Ligne Jaune

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New Member
English
Would anybody be able to shed light on the phrase 'ligne juane' as used below:

Samedi, le ministre de l’Immigration a jugé, sur RTL, que le cinéaste «a plus que franchi la ligne jaune […] lorsqu’il dit que "les clandestins de Calais sont l’équivalent des Juifs en 43"».

Many thanks,
 
  • OLN

    Senior Member
    French - France, ♀
    I believe you also say "to trespass/cross the line" in English.
    Here it's fig., a moral line.
     

    wildan1

    Moderando ma non troppo (French-English, CC Mod)
    English - USA
    he went over the line when he said that (no need to give a color)
    or
    his comment was really out-of-bounds

    PS For me both of these expressions bring to mind sports rules rather than highway lines. Maybe because in the US we don't have this obsession about the line down the middle of the road--it's technically illegal to cross it, but not the worst thing you can do for us... In any case, "yellow" line would not bring anything particular to mind. Line all alone is enough.
     
    Last edited:

    jierbe31

    Senior Member
    French from France
    Hello,

    The "ligne jaune", which is now white by the way, refers to the continuous line painted on the middle of the road where overtaking is strictly forbidden by the Highway Code.
    So I guess that figuratively it means committing a serious offence if you ever cross the line.
     

    Jano94

    Senior Member
    French - France
    While the meaning is clear in posts above...
    Litterally, this yellow line refer to the (previously yellow, presently white) line painted on road to mean "do not pass"
     

    dratuor

    Senior Member
    french - france
    it's an idiomatic phrase.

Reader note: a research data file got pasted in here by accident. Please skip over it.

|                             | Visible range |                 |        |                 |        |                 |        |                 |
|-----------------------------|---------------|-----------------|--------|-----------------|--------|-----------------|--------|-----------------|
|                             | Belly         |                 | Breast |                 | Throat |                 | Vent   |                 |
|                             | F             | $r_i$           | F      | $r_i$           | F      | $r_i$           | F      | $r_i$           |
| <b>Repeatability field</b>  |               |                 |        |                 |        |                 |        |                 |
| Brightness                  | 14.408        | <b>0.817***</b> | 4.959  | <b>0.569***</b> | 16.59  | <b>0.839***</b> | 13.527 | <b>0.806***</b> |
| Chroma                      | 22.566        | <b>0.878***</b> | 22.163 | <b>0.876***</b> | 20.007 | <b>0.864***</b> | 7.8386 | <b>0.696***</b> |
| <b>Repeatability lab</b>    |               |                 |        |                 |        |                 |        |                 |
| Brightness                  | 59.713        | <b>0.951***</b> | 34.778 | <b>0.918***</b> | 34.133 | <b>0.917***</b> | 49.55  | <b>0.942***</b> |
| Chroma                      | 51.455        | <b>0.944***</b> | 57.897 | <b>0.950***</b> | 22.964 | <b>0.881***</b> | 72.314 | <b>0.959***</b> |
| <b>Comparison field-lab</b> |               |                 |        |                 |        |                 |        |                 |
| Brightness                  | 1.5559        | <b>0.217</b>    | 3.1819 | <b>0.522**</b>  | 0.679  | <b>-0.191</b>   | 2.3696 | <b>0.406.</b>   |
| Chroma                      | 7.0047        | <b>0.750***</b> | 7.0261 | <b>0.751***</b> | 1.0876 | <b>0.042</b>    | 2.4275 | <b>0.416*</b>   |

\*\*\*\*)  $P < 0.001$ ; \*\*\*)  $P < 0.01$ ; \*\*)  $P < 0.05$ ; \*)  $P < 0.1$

you can translate it by "cross the line"

    le cinéaste «a plus que franchi la ligne jaune
    the director has more than crossed the line
     

    Fred_C

    Senior Member
    Français
    Hello,

    The "ligne jaune", which is now white by the way, refers to the continuous line painted on the middle of the road where overtaking is strictly forbidden by the Highway Code.
    So I guess that figuratively it means committing a serious offence if you ever cross the line.
    Yes, this phrase is very surprising, because of the colour. The usual phrase in France is "franchir la ligne blanche", because this line is painted white in France, and also in Belgium, I think.
    But if you wear Ray-bans all day long...
     

    OLN

    Senior Member
    French - France, ♀
    Yes, this phrase is very surprising, because of the colour. The usual phrase in France is "franchir la ligne blanche", because this line is painted white in France, and also in Belgium, I think.
    Je ne trouve pas cela surprenant ; pour moi l'expression est fixée telle quelle à "franchir la ligne jaune".
    Je n'ai jamais entendu dire "franchir la ligne blanche", a fortiori au sens figuré.
    Au sens propre, on dit plus volontiers "franchir la ligne continue".

    Idem il me semble en allemand, bien que les lignes des routes allemandes ne soient plus peintes en jaune depuis belle lurette.
    Le jaune est signe d'avertissement, d'interdiction ou de danger. Les lignes provisoires durant les travaux sont toujours (= encore) peintes en jaunes.
     

    jierbe31

    Senior Member
    French from France
    Je ne trouve pas cela surprenant ; pour moi l'expression est fixée telle quelle à "franchir la ligne jaune".
    Je n'ai jamais entendu dire "franchir la ligne blanche", a fortiori au sens figuré.
    Au sens propre, on dit plus volontiers "franchir la ligne continue".

    Idem il me semble en allemand, bien que les lignes des routes allemandes ne soient plus peintes en jaune depuis belle lurette.
    Le jaune est signe d'avertissement, d'interdiction ou de danger. Les lignes provisoires durant les travaux sont toujours (= encore) peintes en jaunes.
    Exact, tout comme en Grande Bretagne où la double ligne jaune peinte sur le bord de la chaussée signale l'interdiction formelle de stationner.
     
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